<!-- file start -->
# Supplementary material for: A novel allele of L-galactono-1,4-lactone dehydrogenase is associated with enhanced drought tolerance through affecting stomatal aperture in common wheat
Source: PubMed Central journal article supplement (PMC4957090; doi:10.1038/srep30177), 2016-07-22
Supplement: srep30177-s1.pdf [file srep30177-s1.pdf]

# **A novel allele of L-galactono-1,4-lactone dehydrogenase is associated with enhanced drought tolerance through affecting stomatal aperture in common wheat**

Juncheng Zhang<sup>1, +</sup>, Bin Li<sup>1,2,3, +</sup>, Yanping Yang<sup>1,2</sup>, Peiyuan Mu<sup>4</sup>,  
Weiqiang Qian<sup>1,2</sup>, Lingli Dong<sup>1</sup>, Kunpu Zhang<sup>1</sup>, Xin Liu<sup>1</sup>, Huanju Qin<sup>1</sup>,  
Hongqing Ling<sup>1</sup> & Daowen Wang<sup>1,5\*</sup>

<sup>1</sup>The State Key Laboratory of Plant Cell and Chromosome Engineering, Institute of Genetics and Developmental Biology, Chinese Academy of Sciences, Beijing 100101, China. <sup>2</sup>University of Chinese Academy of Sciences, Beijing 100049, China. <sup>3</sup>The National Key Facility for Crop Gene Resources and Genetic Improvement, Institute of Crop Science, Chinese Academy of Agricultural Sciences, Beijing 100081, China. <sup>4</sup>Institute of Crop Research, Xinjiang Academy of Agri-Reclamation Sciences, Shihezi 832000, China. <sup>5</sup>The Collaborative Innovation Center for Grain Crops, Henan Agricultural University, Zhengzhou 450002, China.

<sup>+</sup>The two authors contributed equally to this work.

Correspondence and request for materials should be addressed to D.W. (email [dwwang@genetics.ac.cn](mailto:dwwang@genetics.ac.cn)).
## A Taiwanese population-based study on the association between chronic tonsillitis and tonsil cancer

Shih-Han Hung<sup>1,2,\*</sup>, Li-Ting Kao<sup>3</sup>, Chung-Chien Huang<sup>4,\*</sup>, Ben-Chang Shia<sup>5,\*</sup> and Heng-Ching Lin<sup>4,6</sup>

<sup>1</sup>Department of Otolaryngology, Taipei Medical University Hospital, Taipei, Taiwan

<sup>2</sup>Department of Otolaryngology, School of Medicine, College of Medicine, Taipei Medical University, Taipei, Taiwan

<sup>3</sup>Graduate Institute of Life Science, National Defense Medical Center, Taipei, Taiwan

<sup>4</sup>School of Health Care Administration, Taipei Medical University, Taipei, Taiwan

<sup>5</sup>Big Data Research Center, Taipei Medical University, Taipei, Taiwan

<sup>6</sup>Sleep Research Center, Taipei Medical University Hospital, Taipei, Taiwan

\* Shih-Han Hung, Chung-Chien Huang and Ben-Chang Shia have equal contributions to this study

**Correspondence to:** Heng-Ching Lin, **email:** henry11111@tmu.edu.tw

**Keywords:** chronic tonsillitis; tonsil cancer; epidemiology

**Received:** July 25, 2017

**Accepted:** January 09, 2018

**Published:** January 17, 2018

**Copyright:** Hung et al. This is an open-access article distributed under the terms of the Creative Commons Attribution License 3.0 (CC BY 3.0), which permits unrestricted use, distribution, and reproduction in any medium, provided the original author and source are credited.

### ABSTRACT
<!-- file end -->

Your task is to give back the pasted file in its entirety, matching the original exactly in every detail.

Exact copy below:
# Supplementary material for: A novel allele of L-galactono-1,4-lactone dehydrogenase is associated with enhanced drought tolerance through affecting stomatal aperture in common wheat
Source: PubMed Central journal article supplement (PMC4957090; doi:10.1038/srep30177), 2016-07-22
Supplement: srep30177-s1.pdf [file srep30177-s1.pdf]

# **A novel allele of L-galactono-1,4-lactone dehydrogenase is associated with enhanced drought tolerance through affecting stomatal aperture in common wheat**

Juncheng Zhang<sup>1, +</sup>, Bin Li<sup>1,2,3, +</sup>, Yanping Yang<sup>1,2</sup>, Peiyuan Mu<sup>4</sup>,  
Weiqiang Qian<sup>1,2</sup>, Lingli Dong<sup>1</sup>, Kunpu Zhang<sup>1</sup>, Xin Liu<sup>1</sup>, Huanju Qin<sup>1</sup>,  
Hongqing Ling<sup>1</sup> & Daowen Wang<sup>1,5\*</sup>

<sup>1</sup>The State Key Laboratory of Plant Cell and Chromosome Engineering, Institute of Genetics and Developmental Biology, Chinese Academy of Sciences, Beijing 100101, China. <sup>2</sup>University of Chinese Academy of Sciences, Beijing 100049, China. <sup>3</sup>The National Key Facility for Crop Gene Resources and Genetic Improvement, Institute of Crop Science, Chinese Academy of Agricultural Sciences, Beijing 100081, China. <sup>4</sup>Institute of Crop Research, Xinjiang Academy of Agri-Reclamation Sciences, Shihezi 832000, China. <sup>5</sup>The Collaborative Innovation Center for Grain Crops, Henan Agricultural University, Zhengzhou 450002, China.

<sup>+</sup>The two authors contributed equally to this work.

Correspondence and request for materials should be addressed to D.W. (email [dwwang@genetics.ac.cn](mailto:dwwang@genetics.ac.cn)).
## A Taiwanese population-based study on the association between chronic tonsillitis and tonsil cancer

Shih-Han Hung<sup>1,2,\*</sup>, Li-Ting Kao<sup>3</sup>, Chung-Chien Huang<sup>4,\*</sup>, Ben-Chang Shia<sup>5,\*</sup> and Heng-Ching Lin<sup>4,6</sup>

<sup>1</sup>Department of Otolaryngology, Taipei Medical University Hospital, Taipei, Taiwan

<sup>2</sup>Department of Otolaryngology, School of Medicine, College of Medicine, Taipei Medical University, Taipei, Taiwan

<sup>3</sup>Graduate Institute of Life Science, National Defense Medical Center, Taipei, Taiwan

<sup>4</sup>School of Health Care Administration, Taipei Medical University, Taipei, Taiwan

<sup>5</sup>Big Data Research Center, Taipei Medical University, Taipei, Taiwan

<sup>6</sup>Sleep Research Center, Taipei Medical University Hospital, Taipei, Taiwan

\* Shih-Han Hung, Chung-Chien Huang and Ben-Chang Shia have equal contributions to this study

**Correspondence to:** Heng-Ching Lin, **email:** henry11111@tmu.edu.tw

**Keywords:** chronic tonsillitis; tonsil cancer; epidemiology

**Received:** July 25, 2017

**Accepted:** January 09, 2018

**Published:** January 17, 2018

**Copyright:** Hung et al. This is an open-access article distributed under the terms of the Creative Commons Attribution License 3.0 (CC BY 3.0), which permits unrestricted use, distribution, and reproduction in any medium, provided the original author and source are credited.

### ABSTRACT